Sometime in my first few months of dancing, an older dancer took me aside and told me to “carry myself like a mediocre white man.” In other words, act as if everything I did was magical, world changing and definitely the best thing to happen to anyone around me. It worked surprisingly well: My sales skyrocketed and my stage shows suddenly became something worth watching. Later, I would learn to carry this confidence into other areas of my life.
When I first transferred into UC Berkeley, I felt like a goose among swans. At Berkeley City College, I had been part of a tight-knit group of friends, had gotten close with many of my professors and had felt comfortable knowing that most of the students around me also had rough starts in life. In contrast, UC Berkeley felt cold, impersonal and my conversations with classmates constantly reminded me of how much better my life could have been. How could I possibly achieve the same levels of success as my classmates without their upper-middle class backgrounds? There just didn’t seem to be a place at UC Berkeley for a high school dropout who worked 30 hours a week and often had to stretch $20 to ridiculous limits. In short, I was experiencing full-blown imposter syndrome.
The cherry on top of my shit sundae was when the financial aid department called me in the summer 2013 of to let me know that the loan I had taken out two semesters ago was given to me in error. I was told that I had to repay $2,800 before the next semester. I couldn’t get a loan until the sum was repaid and the department just assumed I would be able to get the money from my estranged parents. Disgusted and frustrated with the bureaucracy, I withdrew from classes, doubting I would ever return.
I was broken. I couldn’t stop myself from self-blame even though friends familiar with my situation assured me I had done all I could. After several months spent in a deep depression, a friend lured me out of my stupor with a surprising life update: She’d started stripping. She didn’t have to do much to convince me that working at the club would be better than wallowing indefinitely while trying to scrape by on minimum wage.
I borrowed heels and a bra from my roommate, dusted off the one thong I owned, and went in for an audition. I landed the job but, like most baby strippers, was laughably awkward. The dancers around me snickered at my incompetence — but as they had a laugh, they also gave me pointers. I learned quickly and was gradually accepted into the fold.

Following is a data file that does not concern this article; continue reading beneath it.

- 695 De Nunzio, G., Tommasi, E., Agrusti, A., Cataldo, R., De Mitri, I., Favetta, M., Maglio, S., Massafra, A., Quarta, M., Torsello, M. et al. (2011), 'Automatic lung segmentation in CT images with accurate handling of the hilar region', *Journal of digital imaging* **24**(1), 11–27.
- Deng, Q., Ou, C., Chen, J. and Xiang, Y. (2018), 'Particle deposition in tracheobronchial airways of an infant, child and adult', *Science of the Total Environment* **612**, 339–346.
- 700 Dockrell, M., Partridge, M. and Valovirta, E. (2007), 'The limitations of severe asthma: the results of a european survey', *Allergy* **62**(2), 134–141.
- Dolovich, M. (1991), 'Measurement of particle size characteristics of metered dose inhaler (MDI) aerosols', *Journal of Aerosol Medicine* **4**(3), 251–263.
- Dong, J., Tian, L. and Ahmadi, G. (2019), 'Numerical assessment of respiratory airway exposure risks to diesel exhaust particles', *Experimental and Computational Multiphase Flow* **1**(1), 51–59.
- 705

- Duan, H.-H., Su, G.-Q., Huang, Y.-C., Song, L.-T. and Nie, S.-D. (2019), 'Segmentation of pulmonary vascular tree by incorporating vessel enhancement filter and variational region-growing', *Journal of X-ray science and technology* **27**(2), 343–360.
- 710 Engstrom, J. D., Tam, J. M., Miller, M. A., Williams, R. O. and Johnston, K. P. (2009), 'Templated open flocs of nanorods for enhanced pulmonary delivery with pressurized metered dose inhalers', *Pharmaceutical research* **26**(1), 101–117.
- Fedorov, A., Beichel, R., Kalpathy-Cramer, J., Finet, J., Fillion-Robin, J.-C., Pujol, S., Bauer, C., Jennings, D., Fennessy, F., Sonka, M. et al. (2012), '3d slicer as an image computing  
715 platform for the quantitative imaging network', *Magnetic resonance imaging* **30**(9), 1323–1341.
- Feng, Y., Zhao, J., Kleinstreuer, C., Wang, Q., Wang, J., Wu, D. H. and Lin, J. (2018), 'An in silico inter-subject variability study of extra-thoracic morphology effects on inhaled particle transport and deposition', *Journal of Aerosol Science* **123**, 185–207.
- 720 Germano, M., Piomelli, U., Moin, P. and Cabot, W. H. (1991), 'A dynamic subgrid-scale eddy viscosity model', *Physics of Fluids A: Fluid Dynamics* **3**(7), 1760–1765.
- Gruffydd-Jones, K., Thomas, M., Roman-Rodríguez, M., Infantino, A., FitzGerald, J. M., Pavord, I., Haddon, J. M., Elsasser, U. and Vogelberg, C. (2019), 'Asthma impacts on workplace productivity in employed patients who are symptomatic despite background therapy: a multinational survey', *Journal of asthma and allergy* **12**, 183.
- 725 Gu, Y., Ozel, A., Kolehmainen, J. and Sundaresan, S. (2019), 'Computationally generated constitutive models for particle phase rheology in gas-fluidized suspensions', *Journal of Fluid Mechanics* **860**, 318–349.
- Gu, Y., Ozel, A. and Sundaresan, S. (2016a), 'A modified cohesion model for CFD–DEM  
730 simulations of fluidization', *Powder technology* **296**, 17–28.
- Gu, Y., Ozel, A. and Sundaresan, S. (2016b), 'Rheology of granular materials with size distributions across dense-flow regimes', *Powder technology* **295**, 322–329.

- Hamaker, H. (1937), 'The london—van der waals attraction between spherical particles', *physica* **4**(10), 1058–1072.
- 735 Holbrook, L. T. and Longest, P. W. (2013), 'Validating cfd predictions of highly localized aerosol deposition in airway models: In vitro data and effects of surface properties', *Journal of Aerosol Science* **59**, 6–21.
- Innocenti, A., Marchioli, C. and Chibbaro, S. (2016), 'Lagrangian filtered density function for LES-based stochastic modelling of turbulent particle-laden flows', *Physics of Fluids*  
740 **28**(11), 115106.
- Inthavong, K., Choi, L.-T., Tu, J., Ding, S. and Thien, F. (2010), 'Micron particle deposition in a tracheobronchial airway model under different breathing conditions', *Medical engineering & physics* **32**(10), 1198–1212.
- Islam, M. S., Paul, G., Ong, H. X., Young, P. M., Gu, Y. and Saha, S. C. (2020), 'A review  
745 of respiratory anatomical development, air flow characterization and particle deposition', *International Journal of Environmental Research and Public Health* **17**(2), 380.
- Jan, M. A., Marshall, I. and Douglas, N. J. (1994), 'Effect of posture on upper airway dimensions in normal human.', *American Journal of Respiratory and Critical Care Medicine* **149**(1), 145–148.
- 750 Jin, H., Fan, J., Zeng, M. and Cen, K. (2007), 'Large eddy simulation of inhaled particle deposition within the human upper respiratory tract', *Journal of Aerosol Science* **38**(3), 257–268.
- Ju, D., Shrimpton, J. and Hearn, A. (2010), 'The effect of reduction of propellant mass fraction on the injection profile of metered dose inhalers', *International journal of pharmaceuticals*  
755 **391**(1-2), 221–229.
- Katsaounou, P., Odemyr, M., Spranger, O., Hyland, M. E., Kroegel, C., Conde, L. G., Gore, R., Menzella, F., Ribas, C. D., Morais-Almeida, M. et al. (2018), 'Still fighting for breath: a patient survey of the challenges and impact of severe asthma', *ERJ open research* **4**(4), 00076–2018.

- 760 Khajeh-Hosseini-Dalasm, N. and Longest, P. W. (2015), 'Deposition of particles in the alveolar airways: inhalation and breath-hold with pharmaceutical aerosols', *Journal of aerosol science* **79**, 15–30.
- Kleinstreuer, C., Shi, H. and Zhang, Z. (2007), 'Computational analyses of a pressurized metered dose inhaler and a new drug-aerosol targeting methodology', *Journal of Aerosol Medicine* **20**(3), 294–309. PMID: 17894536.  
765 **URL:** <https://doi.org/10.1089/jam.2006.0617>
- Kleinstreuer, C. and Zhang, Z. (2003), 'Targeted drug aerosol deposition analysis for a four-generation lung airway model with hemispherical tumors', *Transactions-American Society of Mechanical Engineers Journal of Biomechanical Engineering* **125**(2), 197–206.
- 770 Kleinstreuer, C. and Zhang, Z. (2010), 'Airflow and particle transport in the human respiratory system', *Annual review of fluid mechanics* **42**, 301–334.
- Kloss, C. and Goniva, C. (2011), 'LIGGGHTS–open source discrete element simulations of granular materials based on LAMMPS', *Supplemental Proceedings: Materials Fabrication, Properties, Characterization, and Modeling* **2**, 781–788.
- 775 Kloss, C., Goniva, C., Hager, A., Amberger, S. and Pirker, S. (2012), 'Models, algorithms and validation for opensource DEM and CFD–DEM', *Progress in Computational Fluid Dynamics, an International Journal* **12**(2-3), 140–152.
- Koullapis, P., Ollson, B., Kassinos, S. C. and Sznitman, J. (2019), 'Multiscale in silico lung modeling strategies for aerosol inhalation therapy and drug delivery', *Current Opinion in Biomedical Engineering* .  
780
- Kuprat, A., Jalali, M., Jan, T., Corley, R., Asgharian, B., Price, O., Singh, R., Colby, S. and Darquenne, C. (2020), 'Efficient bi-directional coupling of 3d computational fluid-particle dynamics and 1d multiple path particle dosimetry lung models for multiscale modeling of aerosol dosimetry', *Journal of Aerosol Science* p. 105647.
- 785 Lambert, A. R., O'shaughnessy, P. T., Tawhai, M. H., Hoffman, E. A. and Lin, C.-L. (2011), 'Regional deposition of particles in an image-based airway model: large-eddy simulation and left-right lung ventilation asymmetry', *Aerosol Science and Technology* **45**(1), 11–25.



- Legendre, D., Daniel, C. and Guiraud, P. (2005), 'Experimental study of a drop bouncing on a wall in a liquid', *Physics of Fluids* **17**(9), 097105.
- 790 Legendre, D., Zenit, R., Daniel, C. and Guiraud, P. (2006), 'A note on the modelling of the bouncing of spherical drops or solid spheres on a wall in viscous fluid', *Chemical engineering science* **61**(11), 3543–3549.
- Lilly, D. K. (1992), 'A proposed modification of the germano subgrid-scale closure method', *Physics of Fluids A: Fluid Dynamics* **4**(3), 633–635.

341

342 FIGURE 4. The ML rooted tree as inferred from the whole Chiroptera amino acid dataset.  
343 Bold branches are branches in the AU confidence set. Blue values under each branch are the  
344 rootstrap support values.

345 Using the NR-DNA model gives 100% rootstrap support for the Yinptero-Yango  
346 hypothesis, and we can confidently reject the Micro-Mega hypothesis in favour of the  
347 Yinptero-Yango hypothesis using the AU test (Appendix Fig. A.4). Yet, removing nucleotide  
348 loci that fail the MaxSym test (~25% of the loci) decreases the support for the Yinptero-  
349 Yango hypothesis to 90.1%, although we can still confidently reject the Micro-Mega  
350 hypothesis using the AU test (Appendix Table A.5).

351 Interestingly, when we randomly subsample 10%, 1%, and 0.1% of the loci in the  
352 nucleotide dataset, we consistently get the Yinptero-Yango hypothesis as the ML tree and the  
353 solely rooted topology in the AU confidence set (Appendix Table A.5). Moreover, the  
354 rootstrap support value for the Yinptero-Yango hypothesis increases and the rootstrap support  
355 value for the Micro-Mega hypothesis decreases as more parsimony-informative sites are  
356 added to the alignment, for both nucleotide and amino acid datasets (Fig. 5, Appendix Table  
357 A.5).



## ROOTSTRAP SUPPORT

Acceptance meant more than just showing me how to not look like an idiot. The dressing room became a place to talk about everything from starting a Roth IRA to having conversations about sexuality to who-banged-who last week. Out on the main floor, I would get pulled into private rooms and witness the older strippers handle the infantile behavior of executives, techies, professional athletes and celebrities with fearsome authority. When customers rejected them, they’d usually attribute it to a problem with the customer, not themselves.
As I watched, I realized that my coworkers were simply doing to these men what privileged men do to everyone else in their lives. When I started emulating them, my coworkers assured me I was finally doing the right thing. I had learned to approach high-powered people not as their positions but as opportunities for furthering my own goals.
By the time I was ready to return to Berkeley, I had spent enough time around strippers to be able to walk into administrators’ offices with a BBHMM mindset. The campus hadn’t become any more welcoming in the year and a half I had been gone, but I no longer cared.
When I applied to UC Berkeley, I expected to find a community that would empower and support me. Instead I found the opposite — until I started stripping. Sex workers are the ones who have taught me how to push past bureaucratic bullshit. Sex workers are the ones who accept me for my quirks and ambitions. Sex workers are the ones who have given me a home.
Trixie Mehraban writes the Tuesday column on sex. Contact her at [email protected].